Learning From Your Users: 5 Key Lessons

Whether you are building a web application, a mobile application, or a simple website to interact with users and customers, the approach is almost always the same: your users will define and shape what you are building.

You might implement the most daring and breathtaking layout for your website, but if it was not designed for or shaped by your users, then you will end up with very little interaction, and your project might fail altogether.

The question isn’t whether you should involve your users, that’s a given. The $64000 question is how much you should involve users in the design and implementation phase, the depth of your user’s influence in the process.

Be Simple. Meet their needs.

a typewriter

When you first designed your app, it was meant to meet a certain, specific need. Don’t lose sight of that. Simplicity is always a great place to start. That’s because it addresses why you began building your app or website. In my experience as a product manager, some of our best features are always the simplest. Our top JotForm Widget is a simple checklist — that’s right — a checklist! There are obviously more factors why your users will pick one feature over another, but simplicity plays a significant role in tipping the scale. A recent study by UserTesting demonstrated that your user experience should get them to the core value of your product sooner than later. I agree.

Tangential Features: Meet their Wants.

When you finally publish your application or website by making it available to all your users, you will probably get feature or improvement requests. From your perspective, they will have little to do with the core features. Don’t be quick to dismiss them.

a man on the top of the hill

Remember that users often see things differently. An important or essential aspect of your website or application may mean absolutely nothing to them, while something vestigial may be a deal breaker for them.

While responding to forum requests and emails from some of our users, I have learnt a simple fact: many of the features that we might consider unimportant are absolutely essential for users. Incredibly, one tangential feature might even be ubiquitous, and a game changer in how your users respond to your creation.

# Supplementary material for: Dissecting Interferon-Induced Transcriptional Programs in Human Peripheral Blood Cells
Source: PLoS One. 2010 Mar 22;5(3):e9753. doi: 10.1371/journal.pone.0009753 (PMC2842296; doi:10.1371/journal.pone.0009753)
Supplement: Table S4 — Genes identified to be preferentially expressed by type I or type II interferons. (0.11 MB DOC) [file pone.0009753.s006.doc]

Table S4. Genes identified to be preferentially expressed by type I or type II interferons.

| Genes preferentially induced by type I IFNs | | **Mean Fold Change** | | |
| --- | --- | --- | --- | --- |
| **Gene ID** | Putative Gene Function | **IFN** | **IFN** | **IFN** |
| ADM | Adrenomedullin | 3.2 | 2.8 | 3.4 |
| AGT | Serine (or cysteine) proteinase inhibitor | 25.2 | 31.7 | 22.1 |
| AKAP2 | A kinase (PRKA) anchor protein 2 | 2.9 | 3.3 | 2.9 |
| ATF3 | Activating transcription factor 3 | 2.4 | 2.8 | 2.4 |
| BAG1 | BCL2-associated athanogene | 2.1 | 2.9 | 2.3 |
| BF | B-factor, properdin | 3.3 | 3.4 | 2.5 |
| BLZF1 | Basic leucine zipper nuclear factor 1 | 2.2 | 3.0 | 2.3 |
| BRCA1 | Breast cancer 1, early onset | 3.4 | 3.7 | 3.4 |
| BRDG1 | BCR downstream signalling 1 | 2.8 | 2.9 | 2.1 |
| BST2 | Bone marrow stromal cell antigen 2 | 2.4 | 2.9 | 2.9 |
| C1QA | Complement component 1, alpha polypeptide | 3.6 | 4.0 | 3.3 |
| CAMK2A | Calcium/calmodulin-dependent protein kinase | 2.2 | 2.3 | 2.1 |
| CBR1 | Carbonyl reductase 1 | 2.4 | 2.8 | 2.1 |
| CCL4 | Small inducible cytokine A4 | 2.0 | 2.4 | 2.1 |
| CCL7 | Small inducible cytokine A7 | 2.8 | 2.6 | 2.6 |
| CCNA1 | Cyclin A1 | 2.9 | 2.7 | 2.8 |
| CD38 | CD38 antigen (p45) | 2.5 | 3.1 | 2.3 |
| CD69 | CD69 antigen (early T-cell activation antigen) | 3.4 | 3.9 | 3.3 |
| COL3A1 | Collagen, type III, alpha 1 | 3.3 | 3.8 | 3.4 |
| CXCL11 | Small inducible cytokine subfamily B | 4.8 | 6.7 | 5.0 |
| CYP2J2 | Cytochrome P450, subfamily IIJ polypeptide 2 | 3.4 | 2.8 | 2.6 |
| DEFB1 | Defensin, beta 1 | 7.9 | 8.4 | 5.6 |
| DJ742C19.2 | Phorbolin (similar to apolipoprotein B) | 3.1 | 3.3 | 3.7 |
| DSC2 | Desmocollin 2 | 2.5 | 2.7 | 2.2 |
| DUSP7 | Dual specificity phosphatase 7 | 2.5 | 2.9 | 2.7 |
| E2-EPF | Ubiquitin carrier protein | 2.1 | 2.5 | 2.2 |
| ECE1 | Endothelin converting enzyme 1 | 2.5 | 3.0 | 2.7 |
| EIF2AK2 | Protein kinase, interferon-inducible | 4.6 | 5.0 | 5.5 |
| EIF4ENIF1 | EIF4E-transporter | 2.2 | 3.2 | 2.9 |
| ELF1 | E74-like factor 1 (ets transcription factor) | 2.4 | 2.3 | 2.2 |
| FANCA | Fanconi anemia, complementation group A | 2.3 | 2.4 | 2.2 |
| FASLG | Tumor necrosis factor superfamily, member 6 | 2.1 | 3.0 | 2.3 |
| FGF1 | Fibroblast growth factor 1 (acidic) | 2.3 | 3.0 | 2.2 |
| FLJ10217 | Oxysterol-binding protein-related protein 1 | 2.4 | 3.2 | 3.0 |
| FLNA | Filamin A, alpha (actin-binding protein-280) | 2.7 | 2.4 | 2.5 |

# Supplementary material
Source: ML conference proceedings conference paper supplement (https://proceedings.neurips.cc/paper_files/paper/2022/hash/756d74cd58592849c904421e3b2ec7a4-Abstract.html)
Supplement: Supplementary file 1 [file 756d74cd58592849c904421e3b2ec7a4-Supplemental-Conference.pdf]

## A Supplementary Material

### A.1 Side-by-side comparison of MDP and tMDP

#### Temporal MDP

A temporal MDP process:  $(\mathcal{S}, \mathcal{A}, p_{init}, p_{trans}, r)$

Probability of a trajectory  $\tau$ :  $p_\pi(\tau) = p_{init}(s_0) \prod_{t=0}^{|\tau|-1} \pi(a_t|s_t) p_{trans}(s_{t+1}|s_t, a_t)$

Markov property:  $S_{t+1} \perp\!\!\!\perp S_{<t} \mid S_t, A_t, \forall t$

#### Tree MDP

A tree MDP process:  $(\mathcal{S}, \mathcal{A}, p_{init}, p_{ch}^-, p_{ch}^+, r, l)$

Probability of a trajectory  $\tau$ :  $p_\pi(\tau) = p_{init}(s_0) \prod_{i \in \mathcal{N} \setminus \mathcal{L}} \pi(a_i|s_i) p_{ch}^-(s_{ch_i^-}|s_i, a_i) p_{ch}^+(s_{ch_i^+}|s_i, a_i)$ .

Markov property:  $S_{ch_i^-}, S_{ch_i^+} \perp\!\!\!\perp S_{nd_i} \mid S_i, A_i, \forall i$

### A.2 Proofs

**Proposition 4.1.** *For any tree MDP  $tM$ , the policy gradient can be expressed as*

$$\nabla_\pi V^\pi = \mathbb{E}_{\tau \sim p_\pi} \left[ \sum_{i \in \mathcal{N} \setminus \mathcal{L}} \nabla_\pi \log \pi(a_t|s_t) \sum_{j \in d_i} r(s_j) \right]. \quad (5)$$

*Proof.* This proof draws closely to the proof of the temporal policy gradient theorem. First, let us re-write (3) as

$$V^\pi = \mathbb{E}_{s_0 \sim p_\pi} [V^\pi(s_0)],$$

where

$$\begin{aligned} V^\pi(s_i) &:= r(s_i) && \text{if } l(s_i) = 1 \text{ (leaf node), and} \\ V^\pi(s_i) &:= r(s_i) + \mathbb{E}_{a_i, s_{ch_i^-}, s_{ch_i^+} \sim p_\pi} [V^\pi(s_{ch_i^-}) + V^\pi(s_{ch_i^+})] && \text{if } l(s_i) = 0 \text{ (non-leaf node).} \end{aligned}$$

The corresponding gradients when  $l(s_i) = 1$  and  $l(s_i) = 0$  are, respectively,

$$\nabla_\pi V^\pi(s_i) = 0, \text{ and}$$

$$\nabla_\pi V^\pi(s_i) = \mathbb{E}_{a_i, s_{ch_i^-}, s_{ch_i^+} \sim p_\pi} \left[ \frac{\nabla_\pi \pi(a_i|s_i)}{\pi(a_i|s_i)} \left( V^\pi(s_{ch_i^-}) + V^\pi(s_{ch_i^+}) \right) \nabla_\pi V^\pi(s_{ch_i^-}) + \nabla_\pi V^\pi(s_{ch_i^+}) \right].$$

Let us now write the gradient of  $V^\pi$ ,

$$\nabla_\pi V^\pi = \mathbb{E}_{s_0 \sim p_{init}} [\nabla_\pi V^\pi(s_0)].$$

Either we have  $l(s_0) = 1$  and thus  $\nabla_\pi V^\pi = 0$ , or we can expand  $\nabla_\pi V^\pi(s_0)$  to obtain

Bugs: Resolving Issues

Some of your users may point out a very technical bug or problem with your website or application, while others may point out something that needs a little tweaking. The most important attitude here is achieving a perspective from your user’s point of view. Here are a few tips I have found useful:

  1. Always respond, either in acknowledgement or in attempting to troubleshoot an isolated issue (one that may affect only one user)
  2. Don’t make promises. Be sincere and to the point.
  3. Empathize with how the issue is affecting their experience. Use that to gauge the urgency and importance towards a resolution.

Try to resolve issues sooner than later, but never rush an update. And test it in such a way that it does not cause additional problems for your users.

Use Conversations

Take time to talk to some of your most active users. Talk to those who don’t use your app as often. The important thing is to give them a voice, they need to be heard.

Read between the lines, listen to the emotions they engage when describing a feature or an aspect of your website; ask them to walk you through how they use your app.

It all sounds incredibly tedious, but its essential to building and increasing interaction, something we all want for our creations — we want to make a positive difference in our users lives.

You don’t have to Implement Everything

One possible reaction to this article is the idea that everything website or application users say should be implemented. That might not be a great idea.

Always remember your website or application is designed to target users; meeting the needs and wants of many — not all. The problem is that not all users are the same, and you might have some user perspectives which might shift the app or website focus away from the larger interest group.

The simple answer is that you might have to disappoint some users, but it should be done in the light of how it will affect the product as a whole.

a man working on the board

As your users’ needs change, so will your app. The change is always gradual, and hardly dramatic, which is why each feature requested is considered important, but not always imperative.

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